Most new traders are focused on finding entry signals for their trades. They spend time studying indicators and technical patterns, looking to create combinations that lead to “high probability” entry points. After finding reasonable setups, many traders stop their research and start placing trades, ignoring the question of where to exit.

If they become dissatisfied with how their trades turn out, they might review any number of popular trading books, which will inform them to “let your profits run and limit your losses.” The idea is to capture the occasional big winners that will more than make up for a larger number of small losses. However, a profitable trade will often turn into a loss, leaving traders wishing they had exited earlier. After suffering through a few such trades, conflicts can start to form in the trader’s mind that lead to second-guessing and other psychological pitfalls that hinder trading.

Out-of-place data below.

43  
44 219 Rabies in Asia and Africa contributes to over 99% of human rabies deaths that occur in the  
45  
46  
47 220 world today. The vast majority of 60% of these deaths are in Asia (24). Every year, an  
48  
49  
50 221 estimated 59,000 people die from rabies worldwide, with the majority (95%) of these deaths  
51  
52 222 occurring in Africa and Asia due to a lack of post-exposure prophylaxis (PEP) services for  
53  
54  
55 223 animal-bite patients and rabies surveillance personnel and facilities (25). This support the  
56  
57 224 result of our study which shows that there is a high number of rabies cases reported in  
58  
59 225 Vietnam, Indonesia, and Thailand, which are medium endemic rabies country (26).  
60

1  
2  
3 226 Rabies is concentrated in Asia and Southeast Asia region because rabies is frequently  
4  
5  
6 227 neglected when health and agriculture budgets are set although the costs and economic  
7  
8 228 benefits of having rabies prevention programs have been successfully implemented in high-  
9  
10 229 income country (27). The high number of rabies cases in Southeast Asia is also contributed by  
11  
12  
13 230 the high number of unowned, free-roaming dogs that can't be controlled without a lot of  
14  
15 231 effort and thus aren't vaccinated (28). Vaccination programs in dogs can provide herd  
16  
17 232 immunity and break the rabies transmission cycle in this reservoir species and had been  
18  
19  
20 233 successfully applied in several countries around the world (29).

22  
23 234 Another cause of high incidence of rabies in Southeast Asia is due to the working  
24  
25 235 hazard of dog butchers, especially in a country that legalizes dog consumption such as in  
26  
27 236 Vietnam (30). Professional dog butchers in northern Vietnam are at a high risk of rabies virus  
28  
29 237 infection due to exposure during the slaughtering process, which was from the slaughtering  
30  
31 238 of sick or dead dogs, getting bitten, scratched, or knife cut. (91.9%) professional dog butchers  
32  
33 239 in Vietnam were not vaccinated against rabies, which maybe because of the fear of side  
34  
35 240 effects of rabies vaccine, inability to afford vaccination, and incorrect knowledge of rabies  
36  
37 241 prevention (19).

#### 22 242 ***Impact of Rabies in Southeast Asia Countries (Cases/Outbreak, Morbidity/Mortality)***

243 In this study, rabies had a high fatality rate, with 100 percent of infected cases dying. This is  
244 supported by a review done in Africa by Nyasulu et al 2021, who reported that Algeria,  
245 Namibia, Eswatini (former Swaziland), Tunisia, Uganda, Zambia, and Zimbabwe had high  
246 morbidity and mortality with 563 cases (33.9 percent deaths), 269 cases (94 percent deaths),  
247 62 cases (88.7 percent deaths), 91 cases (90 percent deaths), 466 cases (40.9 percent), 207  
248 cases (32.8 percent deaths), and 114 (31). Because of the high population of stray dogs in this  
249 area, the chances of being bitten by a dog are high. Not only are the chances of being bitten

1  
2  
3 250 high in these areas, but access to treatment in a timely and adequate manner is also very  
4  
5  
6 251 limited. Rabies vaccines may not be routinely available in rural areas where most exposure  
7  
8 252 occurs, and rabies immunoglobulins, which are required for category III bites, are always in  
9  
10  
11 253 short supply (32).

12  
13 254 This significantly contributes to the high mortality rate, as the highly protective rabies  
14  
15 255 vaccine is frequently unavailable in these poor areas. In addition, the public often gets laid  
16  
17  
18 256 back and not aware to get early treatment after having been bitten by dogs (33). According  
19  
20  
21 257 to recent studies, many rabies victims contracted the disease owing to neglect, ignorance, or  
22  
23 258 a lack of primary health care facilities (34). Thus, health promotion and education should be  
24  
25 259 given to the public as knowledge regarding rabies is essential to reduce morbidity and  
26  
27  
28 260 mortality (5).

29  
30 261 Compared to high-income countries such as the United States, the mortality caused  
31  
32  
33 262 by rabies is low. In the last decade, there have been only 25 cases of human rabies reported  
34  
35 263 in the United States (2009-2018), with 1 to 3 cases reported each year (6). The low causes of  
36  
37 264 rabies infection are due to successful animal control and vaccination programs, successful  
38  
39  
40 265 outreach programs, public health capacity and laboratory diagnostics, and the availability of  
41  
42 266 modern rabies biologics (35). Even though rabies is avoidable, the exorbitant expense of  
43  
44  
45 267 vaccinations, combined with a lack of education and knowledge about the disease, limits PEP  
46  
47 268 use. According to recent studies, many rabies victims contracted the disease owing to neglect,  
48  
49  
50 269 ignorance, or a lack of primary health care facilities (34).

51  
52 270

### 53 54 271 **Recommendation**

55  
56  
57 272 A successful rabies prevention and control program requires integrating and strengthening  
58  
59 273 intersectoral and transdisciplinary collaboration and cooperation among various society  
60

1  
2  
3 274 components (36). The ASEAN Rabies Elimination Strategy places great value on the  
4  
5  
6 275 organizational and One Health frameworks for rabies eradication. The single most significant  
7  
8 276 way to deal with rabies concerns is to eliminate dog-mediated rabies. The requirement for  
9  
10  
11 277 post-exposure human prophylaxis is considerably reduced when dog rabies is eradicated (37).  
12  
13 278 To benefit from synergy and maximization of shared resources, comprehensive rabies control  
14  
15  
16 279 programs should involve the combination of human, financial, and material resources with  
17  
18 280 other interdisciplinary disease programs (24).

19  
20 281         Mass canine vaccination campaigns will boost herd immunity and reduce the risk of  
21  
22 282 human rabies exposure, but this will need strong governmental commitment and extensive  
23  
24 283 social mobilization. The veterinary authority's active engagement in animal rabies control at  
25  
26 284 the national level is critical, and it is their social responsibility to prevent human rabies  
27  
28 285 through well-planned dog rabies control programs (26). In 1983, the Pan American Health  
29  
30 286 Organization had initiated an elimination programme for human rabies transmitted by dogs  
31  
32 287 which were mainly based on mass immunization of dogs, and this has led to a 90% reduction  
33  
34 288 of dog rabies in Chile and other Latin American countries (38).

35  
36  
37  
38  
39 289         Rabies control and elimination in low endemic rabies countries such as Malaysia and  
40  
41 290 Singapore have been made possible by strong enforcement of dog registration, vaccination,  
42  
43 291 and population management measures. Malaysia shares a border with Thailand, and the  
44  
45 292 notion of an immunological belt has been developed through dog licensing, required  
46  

The solution is to research exit strategies to the same degree as entry setups. With the addition of sound exit strategies, trading reaches a point where it is more about following procedures and less about moment-to-moment judgment. One way to determine exit points is to walk through trades individually and analyze maximum favorable excursion (MFE) and maximum adverse excursion (MAE) statistics. This analysis can be applied to both historical back-tests and to track real time trades.